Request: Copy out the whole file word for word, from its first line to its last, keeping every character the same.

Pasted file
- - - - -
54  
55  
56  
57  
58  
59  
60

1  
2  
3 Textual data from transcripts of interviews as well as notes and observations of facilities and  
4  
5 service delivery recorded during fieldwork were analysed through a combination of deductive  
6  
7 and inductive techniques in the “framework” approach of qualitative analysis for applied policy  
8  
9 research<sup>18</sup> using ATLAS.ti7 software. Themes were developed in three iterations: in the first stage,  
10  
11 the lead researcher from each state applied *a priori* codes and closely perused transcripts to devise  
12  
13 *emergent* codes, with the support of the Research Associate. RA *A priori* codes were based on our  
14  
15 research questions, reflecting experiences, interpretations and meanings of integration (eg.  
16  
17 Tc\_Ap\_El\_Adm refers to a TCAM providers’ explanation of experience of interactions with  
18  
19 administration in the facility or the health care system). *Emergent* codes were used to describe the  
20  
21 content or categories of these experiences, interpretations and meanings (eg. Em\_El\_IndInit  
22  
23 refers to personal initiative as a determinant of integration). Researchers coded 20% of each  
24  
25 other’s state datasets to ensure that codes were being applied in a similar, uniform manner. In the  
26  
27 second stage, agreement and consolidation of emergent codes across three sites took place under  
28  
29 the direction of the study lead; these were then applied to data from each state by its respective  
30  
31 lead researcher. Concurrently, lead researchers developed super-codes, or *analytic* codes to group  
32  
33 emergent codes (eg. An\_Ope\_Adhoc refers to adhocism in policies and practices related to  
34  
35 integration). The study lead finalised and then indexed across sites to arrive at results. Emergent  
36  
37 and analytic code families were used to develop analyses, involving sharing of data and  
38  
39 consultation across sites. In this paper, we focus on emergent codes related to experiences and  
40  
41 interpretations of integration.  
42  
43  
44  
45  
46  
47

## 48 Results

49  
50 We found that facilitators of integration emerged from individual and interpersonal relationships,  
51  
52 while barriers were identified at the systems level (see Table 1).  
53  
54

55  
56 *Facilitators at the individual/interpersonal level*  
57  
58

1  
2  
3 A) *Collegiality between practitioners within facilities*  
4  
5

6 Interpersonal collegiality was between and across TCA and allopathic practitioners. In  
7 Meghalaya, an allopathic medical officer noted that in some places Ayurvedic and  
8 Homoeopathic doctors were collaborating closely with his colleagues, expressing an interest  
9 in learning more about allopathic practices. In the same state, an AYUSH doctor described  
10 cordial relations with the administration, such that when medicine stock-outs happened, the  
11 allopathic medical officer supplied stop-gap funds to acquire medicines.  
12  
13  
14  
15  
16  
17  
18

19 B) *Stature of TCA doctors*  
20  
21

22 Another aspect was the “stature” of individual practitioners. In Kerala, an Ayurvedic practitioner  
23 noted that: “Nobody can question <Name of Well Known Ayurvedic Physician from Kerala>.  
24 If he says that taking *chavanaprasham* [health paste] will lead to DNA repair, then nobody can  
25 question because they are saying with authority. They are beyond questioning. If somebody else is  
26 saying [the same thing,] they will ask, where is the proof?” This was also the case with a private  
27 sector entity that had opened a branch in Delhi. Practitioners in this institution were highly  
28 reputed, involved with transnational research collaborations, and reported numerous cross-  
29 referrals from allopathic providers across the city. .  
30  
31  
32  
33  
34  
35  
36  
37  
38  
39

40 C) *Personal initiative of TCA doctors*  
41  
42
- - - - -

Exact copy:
54  
55  
56  
57  
58  
59  
60

1  
2  
3 Textual data from transcripts of interviews as well as notes and observations of facilities and  
4  
5 service delivery recorded during fieldwork were analysed through a combination of deductive  
6  
7 and inductive techniques in the “framework” approach of qualitative analysis for applied policy  
8  
9 research<sup>18</sup> using ATLAS.ti7 software. Themes were developed in three iterations: in the first stage,  
10  
11 the lead researcher from each state applied *a priori* codes and closely perused transcripts to devise  
12  
13 *emergent* codes, with the support of the Research Associate. RA *A priori* codes were based on our  
14  
15 research questions, reflecting experiences, interpretations and meanings of integration (eg.  
16  
17 Tc\_Ap\_El\_Adm refers to a TCAM providers’ explanation of experience of interactions with  
18  
19 administration in the facility or the health care system). *Emergent* codes were used to describe the  
20  
21 content or categories of these experiences, interpretations and meanings (eg. Em\_El\_IndInit  
22  
23 refers to personal initiative as a determinant of integration). Researchers coded 20% of each  
24  
25 other’s state datasets to ensure that codes were being applied in a similar, uniform manner. In the  
26  
27 second stage, agreement and consolidation of emergent codes across three sites took place under  
28  
29 the direction of the study lead; these were then applied to data from each state by its respective  
30  
31 lead researcher. Concurrently, lead researchers developed super-codes, or *analytic* codes to group  
32  
33 emergent codes (eg. An\_Ope\_Adhoc refers to adhocism in policies and practices related to  
34  
35 integration). The study lead finalised and then indexed across sites to arrive at results. Emergent  
36  
37 and analytic code families were used to develop analyses, involving sharing of data and  
38  
39 consultation across sites. In this paper, we focus on emergent codes related to experiences and  
40  
41 interpretations of integration.  
42  
43  
44  
45  
46  
47

## 48 Results

49  
50 We found that facilitators of integration emerged from individual and interpersonal relationships,  
51  
52 while barriers were identified at the systems level (see Table 1).  
53  
54

55  
56 *Facilitators at the individual/interpersonal level*  
57  
58

1  
2  
3 A) *Collegiality between practitioners within facilities*  
4  
5

6 Interpersonal collegiality was between and across TCA and allopathic practitioners. In  
7 Meghalaya, an allopathic medical officer noted that in some places Ayurvedic and  
8 Homoeopathic doctors were collaborating closely with his colleagues, expressing an interest  
9 in learning more about allopathic practices. In the same state, an AYUSH doctor described  
10 cordial relations with the administration, such that when medicine stock-outs happened, the  
11 allopathic medical officer supplied stop-gap funds to acquire medicines.  
12  
13  
14  
15  
16  
17  
18

19 B) *Stature of TCA doctors*  
20  
21

22 Another aspect was the “stature” of individual practitioners. In Kerala, an Ayurvedic practitioner  
23 noted that: “Nobody can question <Name of Well Known Ayurvedic Physician from Kerala>.  
24 If he says that taking *chavanaprasham* [health paste] will lead to DNA repair, then nobody can  
25 question because they are saying with authority. They are beyond questioning. If somebody else is  
26 saying [the same thing,] they will ask, where is the proof?” This was also the case with a private  
27 sector entity that had opened a branch in Delhi. Practitioners in this institution were highly  
28 reputed, involved with transnational research collaborations, and reported numerous cross-  
29 referrals from allopathic providers across the city. .  
30  
31  
32  
33  
34  
35  
36  
37  
38  
39

40 C) *Personal initiative of TCA doctors*  
41  
42